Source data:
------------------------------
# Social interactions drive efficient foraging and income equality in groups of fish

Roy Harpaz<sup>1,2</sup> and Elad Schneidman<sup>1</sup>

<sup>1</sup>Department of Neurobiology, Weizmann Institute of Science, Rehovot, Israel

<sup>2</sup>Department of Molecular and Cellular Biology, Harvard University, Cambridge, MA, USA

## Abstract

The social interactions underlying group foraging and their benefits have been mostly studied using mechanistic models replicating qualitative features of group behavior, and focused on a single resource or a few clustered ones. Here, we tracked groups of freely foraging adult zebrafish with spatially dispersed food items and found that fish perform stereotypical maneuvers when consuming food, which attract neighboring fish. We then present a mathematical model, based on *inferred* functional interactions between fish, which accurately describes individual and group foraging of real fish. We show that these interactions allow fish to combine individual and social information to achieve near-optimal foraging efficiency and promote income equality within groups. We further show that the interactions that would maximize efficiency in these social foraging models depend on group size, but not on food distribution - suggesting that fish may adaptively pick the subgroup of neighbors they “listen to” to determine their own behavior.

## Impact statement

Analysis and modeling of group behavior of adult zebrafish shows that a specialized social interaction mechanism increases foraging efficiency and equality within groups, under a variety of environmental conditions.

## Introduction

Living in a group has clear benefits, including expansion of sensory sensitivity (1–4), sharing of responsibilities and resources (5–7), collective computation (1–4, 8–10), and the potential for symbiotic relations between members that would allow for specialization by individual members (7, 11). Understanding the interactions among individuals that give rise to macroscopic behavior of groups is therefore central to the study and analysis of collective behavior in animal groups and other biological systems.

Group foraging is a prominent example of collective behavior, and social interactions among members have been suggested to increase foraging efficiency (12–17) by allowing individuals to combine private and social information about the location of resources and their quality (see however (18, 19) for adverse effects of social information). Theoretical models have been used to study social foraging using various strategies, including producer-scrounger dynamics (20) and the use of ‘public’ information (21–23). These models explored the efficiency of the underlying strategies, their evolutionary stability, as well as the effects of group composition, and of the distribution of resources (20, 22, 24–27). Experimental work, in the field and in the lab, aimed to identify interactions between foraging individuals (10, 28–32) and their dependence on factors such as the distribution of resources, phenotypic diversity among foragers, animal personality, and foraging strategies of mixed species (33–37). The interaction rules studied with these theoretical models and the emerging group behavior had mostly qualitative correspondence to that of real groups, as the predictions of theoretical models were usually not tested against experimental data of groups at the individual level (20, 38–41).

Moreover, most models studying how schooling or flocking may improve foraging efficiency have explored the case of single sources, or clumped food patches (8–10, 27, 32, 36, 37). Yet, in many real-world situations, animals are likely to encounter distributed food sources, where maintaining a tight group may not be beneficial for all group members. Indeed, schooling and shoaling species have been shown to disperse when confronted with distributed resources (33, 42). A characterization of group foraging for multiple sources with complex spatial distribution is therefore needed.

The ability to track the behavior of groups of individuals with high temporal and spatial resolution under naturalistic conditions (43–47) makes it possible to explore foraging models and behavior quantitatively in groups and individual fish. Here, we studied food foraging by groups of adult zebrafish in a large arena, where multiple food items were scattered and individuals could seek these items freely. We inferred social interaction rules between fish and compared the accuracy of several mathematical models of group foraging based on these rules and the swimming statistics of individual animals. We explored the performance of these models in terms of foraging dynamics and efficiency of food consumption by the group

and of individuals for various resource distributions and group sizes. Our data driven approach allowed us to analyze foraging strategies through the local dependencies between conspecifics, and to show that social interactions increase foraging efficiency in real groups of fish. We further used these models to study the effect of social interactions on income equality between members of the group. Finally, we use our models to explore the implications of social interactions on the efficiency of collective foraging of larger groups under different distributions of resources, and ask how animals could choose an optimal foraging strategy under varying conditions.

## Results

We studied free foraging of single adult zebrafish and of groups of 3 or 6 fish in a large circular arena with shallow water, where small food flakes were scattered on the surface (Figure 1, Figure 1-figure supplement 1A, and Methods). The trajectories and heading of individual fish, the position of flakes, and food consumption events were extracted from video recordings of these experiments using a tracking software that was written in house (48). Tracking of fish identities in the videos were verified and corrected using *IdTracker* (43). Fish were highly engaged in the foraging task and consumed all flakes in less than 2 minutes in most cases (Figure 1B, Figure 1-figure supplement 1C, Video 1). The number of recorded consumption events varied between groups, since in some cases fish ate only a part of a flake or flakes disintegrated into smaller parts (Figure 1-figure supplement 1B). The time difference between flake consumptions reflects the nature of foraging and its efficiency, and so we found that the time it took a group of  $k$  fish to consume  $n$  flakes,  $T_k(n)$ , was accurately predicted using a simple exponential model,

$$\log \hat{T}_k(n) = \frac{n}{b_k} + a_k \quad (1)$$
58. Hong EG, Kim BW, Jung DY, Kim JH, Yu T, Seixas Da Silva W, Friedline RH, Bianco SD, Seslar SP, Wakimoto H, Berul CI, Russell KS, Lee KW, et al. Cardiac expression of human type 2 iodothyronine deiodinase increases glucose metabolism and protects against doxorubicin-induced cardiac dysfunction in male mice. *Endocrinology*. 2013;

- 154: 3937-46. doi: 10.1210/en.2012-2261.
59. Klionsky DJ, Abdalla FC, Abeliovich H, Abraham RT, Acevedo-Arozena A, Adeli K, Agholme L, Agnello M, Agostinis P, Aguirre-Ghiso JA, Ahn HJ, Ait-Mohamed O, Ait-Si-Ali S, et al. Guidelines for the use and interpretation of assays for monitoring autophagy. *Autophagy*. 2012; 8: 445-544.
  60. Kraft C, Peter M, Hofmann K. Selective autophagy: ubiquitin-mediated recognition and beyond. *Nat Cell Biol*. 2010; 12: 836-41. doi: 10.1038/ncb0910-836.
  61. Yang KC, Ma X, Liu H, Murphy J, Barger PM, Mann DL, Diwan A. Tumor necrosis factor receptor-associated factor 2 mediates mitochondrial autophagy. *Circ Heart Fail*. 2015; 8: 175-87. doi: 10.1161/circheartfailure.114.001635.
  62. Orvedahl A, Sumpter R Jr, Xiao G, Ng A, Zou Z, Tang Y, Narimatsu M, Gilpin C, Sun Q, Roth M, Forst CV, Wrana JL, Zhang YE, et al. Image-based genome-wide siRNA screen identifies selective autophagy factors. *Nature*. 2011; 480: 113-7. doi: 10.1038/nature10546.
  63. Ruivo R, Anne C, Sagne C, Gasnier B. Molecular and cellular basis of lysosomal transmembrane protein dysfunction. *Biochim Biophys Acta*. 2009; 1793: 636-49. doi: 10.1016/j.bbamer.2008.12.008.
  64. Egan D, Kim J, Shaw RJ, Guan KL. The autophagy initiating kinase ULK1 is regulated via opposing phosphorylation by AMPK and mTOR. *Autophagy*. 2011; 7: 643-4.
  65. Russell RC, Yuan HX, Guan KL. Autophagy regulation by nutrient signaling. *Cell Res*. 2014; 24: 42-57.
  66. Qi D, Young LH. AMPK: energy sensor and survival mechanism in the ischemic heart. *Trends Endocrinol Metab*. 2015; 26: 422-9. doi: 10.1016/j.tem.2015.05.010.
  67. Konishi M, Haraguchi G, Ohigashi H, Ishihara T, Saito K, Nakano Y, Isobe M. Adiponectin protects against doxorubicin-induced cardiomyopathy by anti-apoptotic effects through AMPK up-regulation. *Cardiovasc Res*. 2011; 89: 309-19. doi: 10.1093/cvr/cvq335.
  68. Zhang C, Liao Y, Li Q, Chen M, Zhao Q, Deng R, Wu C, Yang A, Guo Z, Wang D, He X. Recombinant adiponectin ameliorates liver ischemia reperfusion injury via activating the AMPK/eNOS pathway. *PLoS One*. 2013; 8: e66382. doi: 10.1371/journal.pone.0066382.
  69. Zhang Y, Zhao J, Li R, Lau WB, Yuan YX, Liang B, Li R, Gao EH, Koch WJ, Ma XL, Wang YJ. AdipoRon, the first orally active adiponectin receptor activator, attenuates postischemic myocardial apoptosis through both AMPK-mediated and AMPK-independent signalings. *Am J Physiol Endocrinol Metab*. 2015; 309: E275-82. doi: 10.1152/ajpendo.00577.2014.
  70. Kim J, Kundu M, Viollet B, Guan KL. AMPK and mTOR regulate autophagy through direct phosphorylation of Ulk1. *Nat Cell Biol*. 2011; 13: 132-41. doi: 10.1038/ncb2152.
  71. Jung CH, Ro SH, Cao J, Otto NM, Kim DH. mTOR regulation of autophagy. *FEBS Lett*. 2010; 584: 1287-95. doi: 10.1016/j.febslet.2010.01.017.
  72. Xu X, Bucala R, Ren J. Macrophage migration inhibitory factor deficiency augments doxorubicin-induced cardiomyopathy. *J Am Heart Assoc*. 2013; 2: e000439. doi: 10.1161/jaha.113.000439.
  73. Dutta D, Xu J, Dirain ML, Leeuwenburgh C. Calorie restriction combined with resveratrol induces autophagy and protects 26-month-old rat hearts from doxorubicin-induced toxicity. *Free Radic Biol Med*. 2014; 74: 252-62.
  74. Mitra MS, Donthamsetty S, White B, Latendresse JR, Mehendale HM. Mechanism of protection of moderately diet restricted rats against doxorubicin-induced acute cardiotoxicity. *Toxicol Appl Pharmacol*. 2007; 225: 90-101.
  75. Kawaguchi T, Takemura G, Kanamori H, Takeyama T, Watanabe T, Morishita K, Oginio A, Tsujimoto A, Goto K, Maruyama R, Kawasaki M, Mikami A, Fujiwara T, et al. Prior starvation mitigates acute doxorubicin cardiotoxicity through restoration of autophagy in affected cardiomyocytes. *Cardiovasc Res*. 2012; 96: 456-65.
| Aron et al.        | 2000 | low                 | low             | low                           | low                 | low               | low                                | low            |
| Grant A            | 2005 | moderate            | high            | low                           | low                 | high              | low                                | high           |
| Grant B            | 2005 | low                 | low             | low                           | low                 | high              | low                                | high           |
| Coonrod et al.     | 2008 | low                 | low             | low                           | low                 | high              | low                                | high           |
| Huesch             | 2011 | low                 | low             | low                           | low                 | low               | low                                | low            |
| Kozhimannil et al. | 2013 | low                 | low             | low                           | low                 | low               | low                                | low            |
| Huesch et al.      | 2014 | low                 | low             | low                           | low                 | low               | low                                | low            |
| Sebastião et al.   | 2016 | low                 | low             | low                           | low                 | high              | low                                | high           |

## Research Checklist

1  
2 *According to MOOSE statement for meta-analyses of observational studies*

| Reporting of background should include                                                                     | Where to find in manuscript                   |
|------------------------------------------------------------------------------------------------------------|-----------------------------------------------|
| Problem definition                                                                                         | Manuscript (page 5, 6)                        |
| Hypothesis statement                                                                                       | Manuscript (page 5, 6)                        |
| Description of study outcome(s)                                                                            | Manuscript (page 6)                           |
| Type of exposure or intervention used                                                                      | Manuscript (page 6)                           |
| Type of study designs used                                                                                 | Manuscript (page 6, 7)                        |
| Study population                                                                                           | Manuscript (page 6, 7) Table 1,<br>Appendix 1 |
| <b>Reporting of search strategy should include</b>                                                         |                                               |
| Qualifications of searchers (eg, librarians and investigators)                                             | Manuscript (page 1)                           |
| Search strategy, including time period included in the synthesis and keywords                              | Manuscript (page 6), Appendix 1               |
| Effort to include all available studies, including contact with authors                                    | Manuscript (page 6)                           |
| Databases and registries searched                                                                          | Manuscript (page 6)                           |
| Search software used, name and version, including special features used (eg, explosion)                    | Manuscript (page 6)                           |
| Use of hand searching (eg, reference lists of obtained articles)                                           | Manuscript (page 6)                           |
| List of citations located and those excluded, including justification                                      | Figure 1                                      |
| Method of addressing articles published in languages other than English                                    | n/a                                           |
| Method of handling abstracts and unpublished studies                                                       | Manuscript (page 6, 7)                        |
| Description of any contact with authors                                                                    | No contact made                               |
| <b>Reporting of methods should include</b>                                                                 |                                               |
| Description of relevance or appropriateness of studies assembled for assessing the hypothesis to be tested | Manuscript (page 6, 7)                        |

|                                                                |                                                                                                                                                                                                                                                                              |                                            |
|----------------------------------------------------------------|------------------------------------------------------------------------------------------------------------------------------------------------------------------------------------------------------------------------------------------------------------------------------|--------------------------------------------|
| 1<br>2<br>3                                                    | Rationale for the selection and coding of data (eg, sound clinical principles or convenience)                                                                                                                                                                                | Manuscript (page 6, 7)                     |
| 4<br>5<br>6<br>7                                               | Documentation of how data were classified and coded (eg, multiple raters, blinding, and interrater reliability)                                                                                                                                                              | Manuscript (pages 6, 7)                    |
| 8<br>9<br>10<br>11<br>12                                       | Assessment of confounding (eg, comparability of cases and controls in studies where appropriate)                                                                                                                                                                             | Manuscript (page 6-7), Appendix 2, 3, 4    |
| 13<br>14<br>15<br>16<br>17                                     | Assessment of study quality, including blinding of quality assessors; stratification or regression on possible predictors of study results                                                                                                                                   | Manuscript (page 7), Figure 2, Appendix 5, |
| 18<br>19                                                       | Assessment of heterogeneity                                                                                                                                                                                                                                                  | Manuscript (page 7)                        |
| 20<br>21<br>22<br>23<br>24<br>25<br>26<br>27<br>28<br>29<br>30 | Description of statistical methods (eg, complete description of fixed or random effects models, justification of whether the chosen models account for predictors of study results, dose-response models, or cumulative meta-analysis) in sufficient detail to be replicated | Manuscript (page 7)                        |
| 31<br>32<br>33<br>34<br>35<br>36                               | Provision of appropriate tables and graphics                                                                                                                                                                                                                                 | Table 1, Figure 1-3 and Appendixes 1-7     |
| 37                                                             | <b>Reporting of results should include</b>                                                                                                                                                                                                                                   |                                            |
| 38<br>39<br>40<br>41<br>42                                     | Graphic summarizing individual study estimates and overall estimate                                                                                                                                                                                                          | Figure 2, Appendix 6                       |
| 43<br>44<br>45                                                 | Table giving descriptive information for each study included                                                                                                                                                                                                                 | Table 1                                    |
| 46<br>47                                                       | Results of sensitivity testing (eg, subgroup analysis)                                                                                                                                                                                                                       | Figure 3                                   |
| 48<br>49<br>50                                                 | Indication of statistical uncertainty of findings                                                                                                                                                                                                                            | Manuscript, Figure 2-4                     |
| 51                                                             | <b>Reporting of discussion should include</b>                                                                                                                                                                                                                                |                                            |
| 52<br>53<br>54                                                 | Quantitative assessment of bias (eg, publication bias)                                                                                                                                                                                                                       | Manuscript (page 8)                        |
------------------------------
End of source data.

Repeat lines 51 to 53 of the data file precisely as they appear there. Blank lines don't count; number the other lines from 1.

| Hypothesis statement                                                                                       | Manuscript (page 5, 6)                        |
| Description of study outcome(s)                                                                            | Manuscript (page 6)                           |
| Type of exposure or intervention used                                                                      | Manuscript (page 6)                           |